Tonawanda News — Gov. Andrew Cuomo is planning a new statewide initiative to give prisoners the opportunity to earn a college degree by funding college classes in prisons across New York.
The proposal would provide a college level education at 10 New York state prisons, one in each region of the state. The program would offer both associate’s and bachelor’s degrees.
“Giving men and women in prison the opportunity to earn a college degree costs our state less and benefits our society more,” Cuomo said. “New York state currently spends $60,000 per year on every prisoner in our system, and those who leave have a 40 percent chance of ending up back behind bars.
Existing programs show that providing a college education in our prisons is much cheaper for the state and delivers far better results. Someone who leaves prison with a college degree has a real shot at a second lease on life because their education gives them the opportunity to get a job and avoid falling back into a cycle of crime.”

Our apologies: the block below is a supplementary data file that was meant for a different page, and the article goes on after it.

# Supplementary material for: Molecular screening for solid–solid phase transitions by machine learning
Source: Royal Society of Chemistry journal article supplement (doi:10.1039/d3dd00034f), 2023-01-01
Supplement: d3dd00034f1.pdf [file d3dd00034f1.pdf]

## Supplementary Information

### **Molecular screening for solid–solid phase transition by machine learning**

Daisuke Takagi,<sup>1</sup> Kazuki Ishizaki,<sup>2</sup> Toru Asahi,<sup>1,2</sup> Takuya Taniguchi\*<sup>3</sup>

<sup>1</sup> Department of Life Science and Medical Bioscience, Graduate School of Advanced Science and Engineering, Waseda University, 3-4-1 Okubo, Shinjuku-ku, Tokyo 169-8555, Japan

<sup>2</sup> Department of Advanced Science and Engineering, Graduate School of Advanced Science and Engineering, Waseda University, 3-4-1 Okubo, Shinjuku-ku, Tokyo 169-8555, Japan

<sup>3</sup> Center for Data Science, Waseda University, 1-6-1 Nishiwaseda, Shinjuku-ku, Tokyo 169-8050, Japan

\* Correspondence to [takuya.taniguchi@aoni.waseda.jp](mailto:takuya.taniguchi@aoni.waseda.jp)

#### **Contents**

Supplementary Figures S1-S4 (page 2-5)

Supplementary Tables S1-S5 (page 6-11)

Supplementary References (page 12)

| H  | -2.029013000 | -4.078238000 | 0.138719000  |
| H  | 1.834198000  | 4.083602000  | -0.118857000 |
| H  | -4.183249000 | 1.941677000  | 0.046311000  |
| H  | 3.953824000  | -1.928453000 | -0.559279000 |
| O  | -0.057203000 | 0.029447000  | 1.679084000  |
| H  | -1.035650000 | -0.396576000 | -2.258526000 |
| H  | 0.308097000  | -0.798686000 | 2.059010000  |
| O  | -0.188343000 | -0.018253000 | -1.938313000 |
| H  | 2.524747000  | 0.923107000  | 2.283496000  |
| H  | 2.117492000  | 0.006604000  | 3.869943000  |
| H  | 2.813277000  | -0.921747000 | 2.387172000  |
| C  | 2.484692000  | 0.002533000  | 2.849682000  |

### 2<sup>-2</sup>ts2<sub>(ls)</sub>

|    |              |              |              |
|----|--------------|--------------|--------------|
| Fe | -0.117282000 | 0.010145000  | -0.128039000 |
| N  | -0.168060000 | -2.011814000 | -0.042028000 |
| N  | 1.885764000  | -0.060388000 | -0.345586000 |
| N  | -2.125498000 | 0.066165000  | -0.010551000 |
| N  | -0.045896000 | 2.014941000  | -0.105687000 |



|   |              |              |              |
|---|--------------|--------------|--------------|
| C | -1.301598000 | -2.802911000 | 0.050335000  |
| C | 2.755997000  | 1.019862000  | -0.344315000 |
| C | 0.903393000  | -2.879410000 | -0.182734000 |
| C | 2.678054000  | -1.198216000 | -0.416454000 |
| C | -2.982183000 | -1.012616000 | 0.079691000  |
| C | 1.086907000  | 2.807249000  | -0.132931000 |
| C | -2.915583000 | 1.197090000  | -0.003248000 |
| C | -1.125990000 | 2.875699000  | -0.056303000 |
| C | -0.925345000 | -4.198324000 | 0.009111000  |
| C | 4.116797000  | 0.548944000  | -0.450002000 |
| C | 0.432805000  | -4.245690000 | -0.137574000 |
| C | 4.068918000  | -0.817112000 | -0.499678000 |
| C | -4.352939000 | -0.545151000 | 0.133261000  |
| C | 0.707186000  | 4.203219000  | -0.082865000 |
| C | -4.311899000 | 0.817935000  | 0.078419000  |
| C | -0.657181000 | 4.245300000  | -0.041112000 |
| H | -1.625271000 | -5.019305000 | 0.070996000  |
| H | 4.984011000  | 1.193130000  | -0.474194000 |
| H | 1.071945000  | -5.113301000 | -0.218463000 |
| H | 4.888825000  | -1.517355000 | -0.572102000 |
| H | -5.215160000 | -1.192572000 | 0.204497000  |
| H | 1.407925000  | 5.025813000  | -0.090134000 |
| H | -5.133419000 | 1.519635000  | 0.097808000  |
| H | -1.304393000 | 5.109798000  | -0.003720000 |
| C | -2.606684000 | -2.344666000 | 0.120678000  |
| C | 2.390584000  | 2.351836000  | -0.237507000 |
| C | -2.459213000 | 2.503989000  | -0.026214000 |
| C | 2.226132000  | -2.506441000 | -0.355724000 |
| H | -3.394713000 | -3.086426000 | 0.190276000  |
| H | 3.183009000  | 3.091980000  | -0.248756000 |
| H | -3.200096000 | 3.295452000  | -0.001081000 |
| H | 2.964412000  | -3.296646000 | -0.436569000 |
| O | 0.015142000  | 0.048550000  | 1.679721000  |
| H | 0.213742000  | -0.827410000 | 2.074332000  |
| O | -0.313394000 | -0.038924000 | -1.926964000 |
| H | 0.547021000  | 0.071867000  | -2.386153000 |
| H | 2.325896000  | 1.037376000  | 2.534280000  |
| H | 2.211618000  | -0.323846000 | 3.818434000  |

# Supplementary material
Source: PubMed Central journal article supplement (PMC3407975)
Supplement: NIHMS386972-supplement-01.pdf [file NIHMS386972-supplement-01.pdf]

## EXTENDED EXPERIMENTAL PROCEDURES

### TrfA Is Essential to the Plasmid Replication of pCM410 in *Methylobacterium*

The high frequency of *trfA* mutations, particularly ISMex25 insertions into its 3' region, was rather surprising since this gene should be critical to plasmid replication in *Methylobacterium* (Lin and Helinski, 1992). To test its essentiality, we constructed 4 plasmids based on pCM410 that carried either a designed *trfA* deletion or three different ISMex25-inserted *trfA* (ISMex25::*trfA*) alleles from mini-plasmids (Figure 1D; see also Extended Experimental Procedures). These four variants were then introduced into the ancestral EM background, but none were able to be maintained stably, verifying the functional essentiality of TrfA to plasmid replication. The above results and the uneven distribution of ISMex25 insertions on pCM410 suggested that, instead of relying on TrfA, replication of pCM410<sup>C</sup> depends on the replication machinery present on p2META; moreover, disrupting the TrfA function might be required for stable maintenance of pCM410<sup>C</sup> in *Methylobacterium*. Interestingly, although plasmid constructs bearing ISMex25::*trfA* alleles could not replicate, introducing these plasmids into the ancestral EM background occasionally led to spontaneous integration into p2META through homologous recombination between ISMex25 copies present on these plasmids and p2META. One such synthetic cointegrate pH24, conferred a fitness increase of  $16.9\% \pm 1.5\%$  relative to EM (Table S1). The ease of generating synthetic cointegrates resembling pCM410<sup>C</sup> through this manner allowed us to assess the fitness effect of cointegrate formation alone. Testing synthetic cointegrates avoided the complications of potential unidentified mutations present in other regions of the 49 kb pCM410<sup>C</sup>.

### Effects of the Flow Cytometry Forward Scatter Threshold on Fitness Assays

However, the proposal is receiving widespread criticism from residents and politicians including state Sens. George Maziarz, R-Newfane, and Mark Grisanti, R-Buffalo.
“I am incensed at this proposal, as are the constituents and taxpayers who have already contacted my office in large numbers,” Maziarz said. “The whole notion of rewarding bad behavior is completely backwards. It should be ‘do the crime, do the time,’ not ‘do the crime, earn a degree.’ It is simply beyond belief to give criminals a competitive edge in the job market over law-abiding New Yorkers who forgo college because of the high cost.”
The state spends $60,000 per year to incarcerate one person and approximately $3.6 billion in total costs for prisons. However, it costs approximately $5,000 per year to provide one year of college education for one inmate.